View: Artists still drawn to Ned Kelly legend

Clayton Tremlett, Self-portrait as Ned Kelly aged fifty (There’s a Ned in every crowd), 2015 . Linocut on paper. Courtesy of the artist.

Clayton Tremlett, Self-portrait as Ned Kelly aged fifty (There’s a Ned in every crowd), 2015 . Linocut on paper. Courtesy of the artist.

THE current exhibition Imagining Ned at Bendigo Art Gallery brings together an array of significant original artefacts including Ned Kelly’s iconic armour, his death mask, the Jerilderie Letter and vintage photographs, but for many visitors what has been most striking is the number of contemporary artists who have been drawn again and again to this intriguing story in Australia’s history. These artists have re-interpreted the Kelly tale, and added to the existing mythology through their artwork. 

Castlemaine-based artist Clayton Tremlett has prompted discussion with his captivating large-scale linocut titled Self portrait of Ned Kelly aged fifty (there’s a Ned in every crowd). The gentle humour of the title belies the stark truth of this piece – Ned was executed at the age of just 25, but here we’re presented with a much older version of Ned. 

For this work, Tremlett cultivated the Kelly beard for several months, and with photographer Denise Martin created a portrait referencing the original 1880 portrait of Ned taken the day before he was hanged (also on display in the exhibition). Through a lengthy process, the resulting linocut presents us with a Ned the world could have known. It’s a face softened with the wisdom of time, and prompts us to consider alternative paths/endings for this man’s life, and the impact and repercussions of the death penalty. 

Raised in Wangaratta, a major centre in Kelly country, Tremlett grew up surrounded by stories of Ned. His fascination with bushranger culture and beards has been a reoccurring theme in his practice.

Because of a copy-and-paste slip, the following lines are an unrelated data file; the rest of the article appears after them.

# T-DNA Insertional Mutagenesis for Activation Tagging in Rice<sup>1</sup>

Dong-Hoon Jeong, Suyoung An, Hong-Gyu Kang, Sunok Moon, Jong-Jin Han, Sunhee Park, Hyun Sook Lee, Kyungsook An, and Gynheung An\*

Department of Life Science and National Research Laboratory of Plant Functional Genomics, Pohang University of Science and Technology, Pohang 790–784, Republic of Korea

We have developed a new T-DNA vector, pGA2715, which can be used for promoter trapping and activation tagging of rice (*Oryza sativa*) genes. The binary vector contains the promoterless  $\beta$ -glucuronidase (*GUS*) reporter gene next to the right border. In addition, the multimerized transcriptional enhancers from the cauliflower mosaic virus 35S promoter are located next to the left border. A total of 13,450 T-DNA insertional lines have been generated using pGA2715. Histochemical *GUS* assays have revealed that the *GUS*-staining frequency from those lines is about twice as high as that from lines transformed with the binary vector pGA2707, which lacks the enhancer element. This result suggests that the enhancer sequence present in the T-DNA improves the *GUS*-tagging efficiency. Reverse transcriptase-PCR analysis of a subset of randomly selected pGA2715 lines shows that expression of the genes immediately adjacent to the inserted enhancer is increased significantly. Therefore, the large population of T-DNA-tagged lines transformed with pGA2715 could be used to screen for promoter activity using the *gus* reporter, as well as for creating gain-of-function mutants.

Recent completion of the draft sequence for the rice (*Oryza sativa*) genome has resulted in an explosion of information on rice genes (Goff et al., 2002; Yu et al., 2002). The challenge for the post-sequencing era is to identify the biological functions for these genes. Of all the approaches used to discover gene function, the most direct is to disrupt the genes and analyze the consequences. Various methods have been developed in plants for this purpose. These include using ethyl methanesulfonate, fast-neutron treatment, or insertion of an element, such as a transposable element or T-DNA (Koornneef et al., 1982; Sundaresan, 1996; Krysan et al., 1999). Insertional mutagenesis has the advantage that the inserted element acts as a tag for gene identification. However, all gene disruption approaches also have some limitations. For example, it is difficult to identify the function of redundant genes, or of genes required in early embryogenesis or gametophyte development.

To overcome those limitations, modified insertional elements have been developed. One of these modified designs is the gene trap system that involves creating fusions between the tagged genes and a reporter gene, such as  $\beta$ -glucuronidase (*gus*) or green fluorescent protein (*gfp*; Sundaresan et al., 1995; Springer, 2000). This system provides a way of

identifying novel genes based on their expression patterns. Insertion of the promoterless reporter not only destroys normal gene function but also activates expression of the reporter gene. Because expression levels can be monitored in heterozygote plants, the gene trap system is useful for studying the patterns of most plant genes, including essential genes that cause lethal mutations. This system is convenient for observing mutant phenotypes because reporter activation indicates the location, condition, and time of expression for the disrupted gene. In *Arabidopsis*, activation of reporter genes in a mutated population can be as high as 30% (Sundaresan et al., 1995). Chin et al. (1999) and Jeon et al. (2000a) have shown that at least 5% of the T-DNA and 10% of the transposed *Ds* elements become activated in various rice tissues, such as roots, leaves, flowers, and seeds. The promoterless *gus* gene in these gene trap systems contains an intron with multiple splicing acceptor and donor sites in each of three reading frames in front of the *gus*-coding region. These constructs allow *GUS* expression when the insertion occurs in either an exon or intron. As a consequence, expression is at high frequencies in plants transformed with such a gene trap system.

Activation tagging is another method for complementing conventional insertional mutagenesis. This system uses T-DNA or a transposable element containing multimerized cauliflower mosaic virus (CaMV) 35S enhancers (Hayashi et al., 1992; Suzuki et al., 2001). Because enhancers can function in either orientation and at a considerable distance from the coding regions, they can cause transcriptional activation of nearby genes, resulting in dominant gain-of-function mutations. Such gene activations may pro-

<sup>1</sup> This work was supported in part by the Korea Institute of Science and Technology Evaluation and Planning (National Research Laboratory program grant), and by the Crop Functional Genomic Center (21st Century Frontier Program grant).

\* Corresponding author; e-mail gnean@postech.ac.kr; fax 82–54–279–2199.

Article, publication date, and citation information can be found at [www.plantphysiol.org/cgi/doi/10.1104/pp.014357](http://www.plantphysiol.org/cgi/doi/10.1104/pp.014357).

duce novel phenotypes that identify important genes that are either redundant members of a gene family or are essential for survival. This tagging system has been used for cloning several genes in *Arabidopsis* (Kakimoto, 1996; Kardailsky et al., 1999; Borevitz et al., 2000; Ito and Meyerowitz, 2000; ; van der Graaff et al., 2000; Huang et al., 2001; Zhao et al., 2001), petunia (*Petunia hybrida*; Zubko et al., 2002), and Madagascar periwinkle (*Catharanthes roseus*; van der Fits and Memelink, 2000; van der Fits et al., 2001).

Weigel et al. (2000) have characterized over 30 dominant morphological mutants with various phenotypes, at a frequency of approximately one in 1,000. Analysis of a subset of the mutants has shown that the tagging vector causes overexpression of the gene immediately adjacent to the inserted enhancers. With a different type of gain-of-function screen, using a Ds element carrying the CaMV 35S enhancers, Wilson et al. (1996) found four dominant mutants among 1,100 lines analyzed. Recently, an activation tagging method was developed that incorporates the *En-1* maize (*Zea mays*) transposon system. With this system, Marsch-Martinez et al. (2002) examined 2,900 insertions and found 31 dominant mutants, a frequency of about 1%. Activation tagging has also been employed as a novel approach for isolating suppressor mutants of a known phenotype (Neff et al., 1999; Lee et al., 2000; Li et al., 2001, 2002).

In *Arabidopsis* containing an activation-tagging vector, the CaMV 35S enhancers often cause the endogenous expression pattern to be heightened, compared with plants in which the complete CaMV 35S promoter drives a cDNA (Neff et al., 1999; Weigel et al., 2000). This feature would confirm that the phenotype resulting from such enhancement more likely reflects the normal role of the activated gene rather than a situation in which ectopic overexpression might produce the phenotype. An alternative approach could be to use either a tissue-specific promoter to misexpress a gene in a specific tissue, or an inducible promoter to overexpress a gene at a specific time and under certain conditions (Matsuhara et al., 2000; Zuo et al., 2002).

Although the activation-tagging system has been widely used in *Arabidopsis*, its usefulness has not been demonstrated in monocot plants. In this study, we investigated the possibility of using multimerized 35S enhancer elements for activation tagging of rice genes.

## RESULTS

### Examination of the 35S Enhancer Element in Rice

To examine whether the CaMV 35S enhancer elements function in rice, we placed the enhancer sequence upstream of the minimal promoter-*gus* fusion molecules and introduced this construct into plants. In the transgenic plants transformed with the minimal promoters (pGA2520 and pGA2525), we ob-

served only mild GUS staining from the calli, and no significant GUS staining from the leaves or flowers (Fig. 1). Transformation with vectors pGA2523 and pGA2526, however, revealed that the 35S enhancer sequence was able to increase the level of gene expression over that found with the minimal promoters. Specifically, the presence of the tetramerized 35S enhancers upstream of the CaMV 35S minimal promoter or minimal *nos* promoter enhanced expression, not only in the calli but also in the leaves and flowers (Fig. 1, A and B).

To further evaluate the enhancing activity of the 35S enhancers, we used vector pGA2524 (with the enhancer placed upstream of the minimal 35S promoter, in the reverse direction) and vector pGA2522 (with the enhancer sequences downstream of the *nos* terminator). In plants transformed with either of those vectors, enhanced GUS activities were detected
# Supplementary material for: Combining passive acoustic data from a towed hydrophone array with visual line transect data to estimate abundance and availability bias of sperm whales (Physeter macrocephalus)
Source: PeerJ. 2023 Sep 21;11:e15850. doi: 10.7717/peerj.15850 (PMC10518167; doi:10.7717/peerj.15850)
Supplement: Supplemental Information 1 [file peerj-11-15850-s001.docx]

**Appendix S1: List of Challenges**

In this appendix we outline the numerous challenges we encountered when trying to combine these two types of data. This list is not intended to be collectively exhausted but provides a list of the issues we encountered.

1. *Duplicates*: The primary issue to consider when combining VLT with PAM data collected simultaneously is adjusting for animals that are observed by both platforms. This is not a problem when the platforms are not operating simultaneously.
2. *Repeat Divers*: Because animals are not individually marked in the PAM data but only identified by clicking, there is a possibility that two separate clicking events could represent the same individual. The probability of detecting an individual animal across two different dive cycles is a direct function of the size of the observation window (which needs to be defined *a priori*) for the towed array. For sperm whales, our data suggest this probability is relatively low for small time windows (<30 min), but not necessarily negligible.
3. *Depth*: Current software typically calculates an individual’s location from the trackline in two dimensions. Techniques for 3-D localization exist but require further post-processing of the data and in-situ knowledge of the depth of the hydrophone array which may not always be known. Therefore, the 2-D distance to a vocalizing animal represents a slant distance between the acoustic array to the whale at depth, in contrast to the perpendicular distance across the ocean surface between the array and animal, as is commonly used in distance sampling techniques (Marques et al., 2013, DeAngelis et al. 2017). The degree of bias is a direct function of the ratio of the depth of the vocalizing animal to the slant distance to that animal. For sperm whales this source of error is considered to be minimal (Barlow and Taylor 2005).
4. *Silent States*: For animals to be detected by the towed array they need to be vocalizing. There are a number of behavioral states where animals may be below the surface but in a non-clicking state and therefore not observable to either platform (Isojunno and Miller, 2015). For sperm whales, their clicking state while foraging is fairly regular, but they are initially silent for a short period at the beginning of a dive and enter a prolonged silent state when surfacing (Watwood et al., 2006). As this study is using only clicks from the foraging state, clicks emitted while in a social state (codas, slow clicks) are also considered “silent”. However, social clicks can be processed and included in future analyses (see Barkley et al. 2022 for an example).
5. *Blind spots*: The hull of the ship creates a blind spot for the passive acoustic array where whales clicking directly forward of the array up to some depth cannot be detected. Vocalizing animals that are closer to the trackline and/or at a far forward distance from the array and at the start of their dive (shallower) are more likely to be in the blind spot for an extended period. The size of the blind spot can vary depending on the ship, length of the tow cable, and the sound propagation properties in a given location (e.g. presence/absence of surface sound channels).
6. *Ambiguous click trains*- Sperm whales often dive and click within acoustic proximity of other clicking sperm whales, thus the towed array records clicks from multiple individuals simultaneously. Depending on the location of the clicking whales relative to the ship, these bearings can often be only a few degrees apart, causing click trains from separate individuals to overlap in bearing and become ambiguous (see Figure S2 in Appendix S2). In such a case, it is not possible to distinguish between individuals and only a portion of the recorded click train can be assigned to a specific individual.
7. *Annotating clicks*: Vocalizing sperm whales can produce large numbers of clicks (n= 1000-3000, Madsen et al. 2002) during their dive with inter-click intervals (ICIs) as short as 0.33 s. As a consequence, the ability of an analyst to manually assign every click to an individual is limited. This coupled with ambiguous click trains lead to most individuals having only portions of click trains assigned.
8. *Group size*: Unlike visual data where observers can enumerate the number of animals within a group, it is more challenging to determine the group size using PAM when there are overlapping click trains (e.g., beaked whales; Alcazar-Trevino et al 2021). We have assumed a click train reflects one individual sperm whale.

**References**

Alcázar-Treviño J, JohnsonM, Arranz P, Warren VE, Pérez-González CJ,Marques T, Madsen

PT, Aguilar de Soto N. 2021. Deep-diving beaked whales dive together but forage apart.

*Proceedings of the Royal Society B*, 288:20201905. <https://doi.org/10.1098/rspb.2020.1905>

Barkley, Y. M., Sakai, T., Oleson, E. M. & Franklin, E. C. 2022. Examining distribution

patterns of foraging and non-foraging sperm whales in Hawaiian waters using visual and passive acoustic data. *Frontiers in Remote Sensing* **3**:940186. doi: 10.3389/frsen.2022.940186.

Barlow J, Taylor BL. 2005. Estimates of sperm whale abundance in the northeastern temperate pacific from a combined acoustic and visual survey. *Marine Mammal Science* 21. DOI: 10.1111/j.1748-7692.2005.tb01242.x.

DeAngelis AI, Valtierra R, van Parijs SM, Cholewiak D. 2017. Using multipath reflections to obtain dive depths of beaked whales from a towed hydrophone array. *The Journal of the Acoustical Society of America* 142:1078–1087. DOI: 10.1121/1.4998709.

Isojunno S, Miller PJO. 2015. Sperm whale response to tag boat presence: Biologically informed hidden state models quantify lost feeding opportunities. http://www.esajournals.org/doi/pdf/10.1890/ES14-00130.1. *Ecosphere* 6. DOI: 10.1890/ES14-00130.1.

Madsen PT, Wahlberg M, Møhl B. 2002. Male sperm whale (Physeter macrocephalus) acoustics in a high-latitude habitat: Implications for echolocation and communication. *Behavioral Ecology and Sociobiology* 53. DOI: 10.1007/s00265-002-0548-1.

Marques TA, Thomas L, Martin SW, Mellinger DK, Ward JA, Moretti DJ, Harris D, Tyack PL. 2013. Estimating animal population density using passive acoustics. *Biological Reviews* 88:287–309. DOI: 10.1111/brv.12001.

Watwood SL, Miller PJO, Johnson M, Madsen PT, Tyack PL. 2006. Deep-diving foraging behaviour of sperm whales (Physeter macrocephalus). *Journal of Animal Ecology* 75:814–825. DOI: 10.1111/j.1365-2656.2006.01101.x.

Also featured in the exhibition is the work of Thai-born Australian Vipoo Srivilasa who has used blue-and-white colouring on his ceramic sculptures to evoke the history of porcelain and its links to international trade. Srivilasa’s Ned, titled Networking, is an arresting ceramic piece that firmly locates Kelly within contemporary culture: the base on which he stands has all the symbols of today’s social networks – Instagram, Facebook, Pinterest and Twitter. Kelly also appears to be holding a satellite phone or two-way radio, with this humorous work suggesting that even a bushranger on the run needs to be contactable! Srivilasa will be giving a talk at the gallery on Wednesday, May 20. See the website for details. 

Through her practice, artist Mars Drum has reimagined Ned in an entirely new locale: the Pink Lake of the Wimmera region. Her photographic work in this exhibition of Ned and the woman in a burqa – two masked figures – is one of intimacy. While Ned, a 19th-century character, is an outsider because of his bushranger status, the burqa-clad woman represents a contemporary outsider, and like Ned she is often defined by her dress. Drum’s intimate portrait encourages the viewer to see beyond their outerwear and experience their humanity, with the subjects holding hands while walking through a sublime landscape, evoking great empathy. 

Find out more about the works on display in Imagining Ned by joining one of the guided tours at noon on Wednesdays or Saturdays (tickets available at reception). Bendigo Art Gallery is open Tuesday to Sunday and public holidays from 10am to 5pm. 

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